Music of a Thousand Breaths
Music of A Thousand Breaths is unique in my output: it occupies a very special place.
The performance took place almost exactly one month before ago, and I have waited so long before I sit down to write about it simply because I wanted to write about it in the past and until now it has still felt very music a part of my present.
I first visited the church at Pickering quite by chance in the summer of 2016 and I was completely taken aback by the extent, the impact and the beauty of its medieval wall paintings. In earlier times all churches would have been filled with similar images but the vast majority were destroyed following the English reformation. According to Pevsner, Pickering church contains one of the most complete sets surviving in the UK today and they span the complete nave of the church on both sides. These paintings were whitewashed over but rediscovered in the 19th century and carefully preserved since then. These are not the frescoes of renaissance Florence; they are in many ways crude and simplistic, northern and plain-speaking yet strangely poignant and expressive. Why do I find them so powerful? There are several reasons, but the most important one involves the re-telling and re-reading of familiar stories across many hundreds of years. The paintings were made to convey narratives of sacred stories to a largely illiterate congregation of ordinary people; these were not paintings for cathedrals, galleries or palaces. The artists spoke directly and with utter conviction, and today their presence is still felt through the plaintive images. Moreover, because the paintings communicate so directly, we are aware of becoming a part of that group of people who have gazed up at the pictures and read the stories: the paintings connect us with artists (their audiences, their beliefs, their lives, their narratives) who lived some 600 years before us.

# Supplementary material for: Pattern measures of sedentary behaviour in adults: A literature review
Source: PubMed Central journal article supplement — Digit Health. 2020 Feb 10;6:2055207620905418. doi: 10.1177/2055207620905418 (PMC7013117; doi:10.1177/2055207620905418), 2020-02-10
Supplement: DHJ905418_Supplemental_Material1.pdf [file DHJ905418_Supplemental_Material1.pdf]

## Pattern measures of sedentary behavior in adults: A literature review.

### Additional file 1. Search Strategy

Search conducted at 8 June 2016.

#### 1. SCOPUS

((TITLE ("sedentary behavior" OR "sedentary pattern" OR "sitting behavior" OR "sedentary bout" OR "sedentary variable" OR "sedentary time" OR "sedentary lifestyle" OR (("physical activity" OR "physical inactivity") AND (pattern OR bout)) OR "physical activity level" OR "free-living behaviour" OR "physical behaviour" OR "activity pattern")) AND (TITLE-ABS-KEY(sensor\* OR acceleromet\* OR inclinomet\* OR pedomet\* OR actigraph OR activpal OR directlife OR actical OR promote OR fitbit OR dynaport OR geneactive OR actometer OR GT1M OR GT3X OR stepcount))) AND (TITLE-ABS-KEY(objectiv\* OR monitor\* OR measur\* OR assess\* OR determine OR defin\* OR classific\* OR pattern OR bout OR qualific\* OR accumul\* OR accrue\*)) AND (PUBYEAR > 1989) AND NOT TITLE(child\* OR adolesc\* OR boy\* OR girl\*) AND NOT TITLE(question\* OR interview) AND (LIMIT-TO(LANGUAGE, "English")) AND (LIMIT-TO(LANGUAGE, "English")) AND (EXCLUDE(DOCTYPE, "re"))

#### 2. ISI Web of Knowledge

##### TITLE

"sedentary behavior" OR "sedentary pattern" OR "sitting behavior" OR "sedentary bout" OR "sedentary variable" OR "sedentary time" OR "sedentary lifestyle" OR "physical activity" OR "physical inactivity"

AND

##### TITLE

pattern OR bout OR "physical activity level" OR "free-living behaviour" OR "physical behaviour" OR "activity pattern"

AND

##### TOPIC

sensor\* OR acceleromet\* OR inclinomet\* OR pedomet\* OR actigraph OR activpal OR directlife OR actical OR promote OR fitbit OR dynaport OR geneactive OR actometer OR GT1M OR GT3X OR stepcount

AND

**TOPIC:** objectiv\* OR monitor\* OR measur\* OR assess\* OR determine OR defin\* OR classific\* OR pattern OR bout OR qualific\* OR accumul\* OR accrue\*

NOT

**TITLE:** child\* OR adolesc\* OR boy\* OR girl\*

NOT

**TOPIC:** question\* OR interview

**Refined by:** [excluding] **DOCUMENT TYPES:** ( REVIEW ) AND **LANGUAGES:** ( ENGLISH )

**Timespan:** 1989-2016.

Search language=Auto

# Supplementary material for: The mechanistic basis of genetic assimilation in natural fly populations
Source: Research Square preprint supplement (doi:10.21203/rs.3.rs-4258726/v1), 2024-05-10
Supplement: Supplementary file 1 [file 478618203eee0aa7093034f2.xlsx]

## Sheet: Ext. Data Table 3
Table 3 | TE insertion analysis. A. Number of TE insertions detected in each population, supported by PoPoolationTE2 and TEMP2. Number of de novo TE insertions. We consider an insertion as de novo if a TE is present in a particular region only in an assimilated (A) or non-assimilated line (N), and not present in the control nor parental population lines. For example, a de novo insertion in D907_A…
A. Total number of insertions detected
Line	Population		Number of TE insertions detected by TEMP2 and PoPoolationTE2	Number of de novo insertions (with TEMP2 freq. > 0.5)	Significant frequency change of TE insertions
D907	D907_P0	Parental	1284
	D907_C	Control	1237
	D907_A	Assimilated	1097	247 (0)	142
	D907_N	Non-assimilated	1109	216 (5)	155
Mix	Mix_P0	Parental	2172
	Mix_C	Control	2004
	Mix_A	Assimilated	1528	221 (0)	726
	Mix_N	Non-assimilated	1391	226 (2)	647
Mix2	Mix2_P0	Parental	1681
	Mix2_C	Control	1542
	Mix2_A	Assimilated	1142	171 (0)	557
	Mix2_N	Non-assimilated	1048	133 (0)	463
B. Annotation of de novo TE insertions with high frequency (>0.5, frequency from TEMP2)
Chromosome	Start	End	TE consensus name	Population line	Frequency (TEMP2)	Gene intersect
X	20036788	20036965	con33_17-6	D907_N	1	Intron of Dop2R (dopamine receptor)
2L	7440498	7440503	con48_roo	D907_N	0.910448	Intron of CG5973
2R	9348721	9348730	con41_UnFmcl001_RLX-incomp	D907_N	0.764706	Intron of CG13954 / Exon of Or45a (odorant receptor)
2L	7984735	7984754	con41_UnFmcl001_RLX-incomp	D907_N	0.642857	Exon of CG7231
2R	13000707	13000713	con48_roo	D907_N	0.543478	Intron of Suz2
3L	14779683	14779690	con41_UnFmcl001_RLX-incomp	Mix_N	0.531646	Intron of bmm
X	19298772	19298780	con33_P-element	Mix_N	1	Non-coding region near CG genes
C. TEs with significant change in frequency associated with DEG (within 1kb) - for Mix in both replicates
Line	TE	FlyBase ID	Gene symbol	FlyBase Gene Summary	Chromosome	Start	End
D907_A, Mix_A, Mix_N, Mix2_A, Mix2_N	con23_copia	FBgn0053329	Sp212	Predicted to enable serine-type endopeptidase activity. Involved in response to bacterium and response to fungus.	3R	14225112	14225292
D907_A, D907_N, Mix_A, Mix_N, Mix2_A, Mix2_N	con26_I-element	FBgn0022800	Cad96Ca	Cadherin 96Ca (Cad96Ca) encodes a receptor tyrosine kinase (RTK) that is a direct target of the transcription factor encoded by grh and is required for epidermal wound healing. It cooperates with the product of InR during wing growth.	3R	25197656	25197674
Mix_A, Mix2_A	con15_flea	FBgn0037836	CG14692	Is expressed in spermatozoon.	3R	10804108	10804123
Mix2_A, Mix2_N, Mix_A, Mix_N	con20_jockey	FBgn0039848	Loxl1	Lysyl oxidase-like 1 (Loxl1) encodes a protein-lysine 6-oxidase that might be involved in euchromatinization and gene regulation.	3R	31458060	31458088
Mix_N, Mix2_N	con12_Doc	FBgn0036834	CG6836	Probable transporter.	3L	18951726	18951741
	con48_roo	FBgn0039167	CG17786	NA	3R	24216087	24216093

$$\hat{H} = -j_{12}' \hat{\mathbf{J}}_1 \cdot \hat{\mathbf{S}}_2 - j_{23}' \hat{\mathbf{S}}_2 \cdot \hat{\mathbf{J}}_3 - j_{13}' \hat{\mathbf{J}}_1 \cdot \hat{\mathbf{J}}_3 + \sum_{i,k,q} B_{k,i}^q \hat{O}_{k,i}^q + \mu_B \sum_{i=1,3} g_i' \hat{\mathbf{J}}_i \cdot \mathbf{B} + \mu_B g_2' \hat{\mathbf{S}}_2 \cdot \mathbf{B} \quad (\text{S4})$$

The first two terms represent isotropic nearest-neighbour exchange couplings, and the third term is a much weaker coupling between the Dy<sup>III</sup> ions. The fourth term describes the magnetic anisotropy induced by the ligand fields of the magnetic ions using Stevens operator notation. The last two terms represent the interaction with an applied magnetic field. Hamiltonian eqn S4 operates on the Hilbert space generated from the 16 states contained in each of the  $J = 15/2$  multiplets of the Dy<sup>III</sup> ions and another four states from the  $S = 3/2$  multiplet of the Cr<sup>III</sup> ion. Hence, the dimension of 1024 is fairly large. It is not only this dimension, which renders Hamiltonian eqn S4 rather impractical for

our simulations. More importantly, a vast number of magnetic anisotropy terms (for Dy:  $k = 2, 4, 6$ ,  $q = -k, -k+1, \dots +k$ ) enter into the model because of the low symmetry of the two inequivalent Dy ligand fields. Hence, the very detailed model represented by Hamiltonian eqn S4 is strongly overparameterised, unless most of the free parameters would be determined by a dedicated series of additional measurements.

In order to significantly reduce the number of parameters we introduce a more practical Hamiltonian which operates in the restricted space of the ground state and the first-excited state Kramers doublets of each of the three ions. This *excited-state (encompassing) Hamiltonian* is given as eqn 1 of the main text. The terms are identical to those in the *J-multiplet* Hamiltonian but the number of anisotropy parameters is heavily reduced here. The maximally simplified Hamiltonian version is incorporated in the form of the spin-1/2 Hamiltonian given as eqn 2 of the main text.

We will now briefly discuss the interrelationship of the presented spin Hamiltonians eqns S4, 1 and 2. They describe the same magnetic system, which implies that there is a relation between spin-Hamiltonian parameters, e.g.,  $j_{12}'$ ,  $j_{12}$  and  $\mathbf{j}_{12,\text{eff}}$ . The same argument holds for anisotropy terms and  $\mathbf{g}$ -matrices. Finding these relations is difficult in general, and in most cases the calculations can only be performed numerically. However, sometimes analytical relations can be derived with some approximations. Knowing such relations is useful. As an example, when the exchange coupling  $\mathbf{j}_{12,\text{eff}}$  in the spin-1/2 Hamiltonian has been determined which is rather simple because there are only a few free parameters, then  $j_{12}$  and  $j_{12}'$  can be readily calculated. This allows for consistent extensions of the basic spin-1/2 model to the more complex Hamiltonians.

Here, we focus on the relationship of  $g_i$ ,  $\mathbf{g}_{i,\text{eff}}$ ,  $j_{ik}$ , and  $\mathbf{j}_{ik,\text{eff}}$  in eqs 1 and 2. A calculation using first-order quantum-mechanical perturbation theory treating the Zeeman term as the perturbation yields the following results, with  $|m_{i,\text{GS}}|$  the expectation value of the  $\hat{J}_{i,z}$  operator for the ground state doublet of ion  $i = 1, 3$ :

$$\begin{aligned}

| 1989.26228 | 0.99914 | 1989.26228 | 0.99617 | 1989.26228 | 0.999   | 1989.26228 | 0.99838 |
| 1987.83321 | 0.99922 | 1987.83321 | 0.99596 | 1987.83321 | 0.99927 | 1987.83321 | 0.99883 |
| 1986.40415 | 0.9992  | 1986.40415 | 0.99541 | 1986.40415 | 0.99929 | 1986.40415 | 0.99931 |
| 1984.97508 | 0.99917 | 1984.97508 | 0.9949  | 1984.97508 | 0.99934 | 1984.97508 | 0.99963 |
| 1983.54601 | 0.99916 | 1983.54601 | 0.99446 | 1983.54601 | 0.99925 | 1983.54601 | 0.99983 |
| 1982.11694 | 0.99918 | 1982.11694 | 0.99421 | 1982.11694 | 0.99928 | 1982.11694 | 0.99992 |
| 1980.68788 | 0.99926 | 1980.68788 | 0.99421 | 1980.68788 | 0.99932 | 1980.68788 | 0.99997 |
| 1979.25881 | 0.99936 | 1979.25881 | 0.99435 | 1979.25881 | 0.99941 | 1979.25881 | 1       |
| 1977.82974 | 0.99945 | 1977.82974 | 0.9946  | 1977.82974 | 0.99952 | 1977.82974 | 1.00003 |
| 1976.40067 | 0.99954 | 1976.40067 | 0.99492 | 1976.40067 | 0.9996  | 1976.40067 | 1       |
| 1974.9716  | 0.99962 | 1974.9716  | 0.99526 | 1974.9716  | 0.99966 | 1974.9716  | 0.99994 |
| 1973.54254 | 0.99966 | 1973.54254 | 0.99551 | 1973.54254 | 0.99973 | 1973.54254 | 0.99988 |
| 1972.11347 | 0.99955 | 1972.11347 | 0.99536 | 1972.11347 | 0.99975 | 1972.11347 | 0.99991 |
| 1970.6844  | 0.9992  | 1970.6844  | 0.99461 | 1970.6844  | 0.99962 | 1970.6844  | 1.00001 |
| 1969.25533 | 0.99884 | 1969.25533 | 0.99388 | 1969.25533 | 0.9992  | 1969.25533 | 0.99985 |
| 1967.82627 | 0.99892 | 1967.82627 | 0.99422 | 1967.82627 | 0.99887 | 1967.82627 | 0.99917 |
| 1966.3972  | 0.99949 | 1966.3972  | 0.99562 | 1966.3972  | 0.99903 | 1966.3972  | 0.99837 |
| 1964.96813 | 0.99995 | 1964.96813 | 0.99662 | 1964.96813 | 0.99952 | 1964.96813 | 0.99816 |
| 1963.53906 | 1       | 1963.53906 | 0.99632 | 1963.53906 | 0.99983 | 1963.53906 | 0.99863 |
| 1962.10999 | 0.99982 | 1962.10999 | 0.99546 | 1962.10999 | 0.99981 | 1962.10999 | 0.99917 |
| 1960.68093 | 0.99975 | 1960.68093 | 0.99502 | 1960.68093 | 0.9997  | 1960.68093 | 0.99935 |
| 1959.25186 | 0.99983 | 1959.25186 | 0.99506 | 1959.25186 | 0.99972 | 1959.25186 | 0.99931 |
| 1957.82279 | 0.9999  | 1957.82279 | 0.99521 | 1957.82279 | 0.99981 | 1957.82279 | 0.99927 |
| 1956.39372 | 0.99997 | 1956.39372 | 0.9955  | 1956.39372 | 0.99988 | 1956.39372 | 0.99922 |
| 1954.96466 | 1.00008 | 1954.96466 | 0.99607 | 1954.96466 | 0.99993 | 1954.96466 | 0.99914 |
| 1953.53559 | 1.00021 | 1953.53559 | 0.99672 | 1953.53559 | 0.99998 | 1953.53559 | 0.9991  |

Some of the devices the artists used to convey these narratives may seem surprisingly modern to us: Salome and John the Baptist we are clearly at a feast, but in order to document his death there are a number of Johns included in a single scene (depicted both with and without head!) and also several iterations of Salome. The painters wanted to show the unfolding of the whole narrative with all its aspects in a single image, so they employed a sort of archaic cubism in order reduce time to a single moment. The story of St Catherine is told almost like a strip cartoon, with events in her life presented in successive miniature tableaux. Much of the subject matter is quite dark, portraying martyrdoms and grisly deaths, but also strength and beauty.
From the moment I sat eyes on the ‘frescoes’ I wanted to respond in music, to create a work which made real these visions from the past, and which could be performed in the church amongst the paintings. The site-specificity was important since my music was to contribute to the re-telling of the stories, just the latest in very many readings of these images. The first obstacle was that there were no words associated with the paintings. (In a previous work on a similar theme, Apocalypse, for unaccompanied soloists and chorus, the music had been inspired by medieval stained glass in the ‘Prick of Conscience’ window at All Saints Church in York, where each panel of the window includes a line of text from a surviving medieval poem: words for a composer to set to music.) In the absence of medieval text I invited poet and novelist Abi Curtis to visit the church and provide new poems for each of the images: a further re-telling of the tales. Abi responded enthusiastically and, in the church, with the paintings, composed a cycle of ten exquisitely crafted poems which precisely capturing the darkness, the drama and the restraint of the images. They add a further dimension to work which is already rich and deep – and Abi’s words provided the title for the performance.
As a test I wrote the music for St Edmund almost immediately and it was performed by soprano Amie Robertson and a small ensemble at the NCEM in May 2017. But to stage a performance of the complete work in Pickering would be expensive and without the prospect of a performance I returned to other composition projects in the autumn of that year.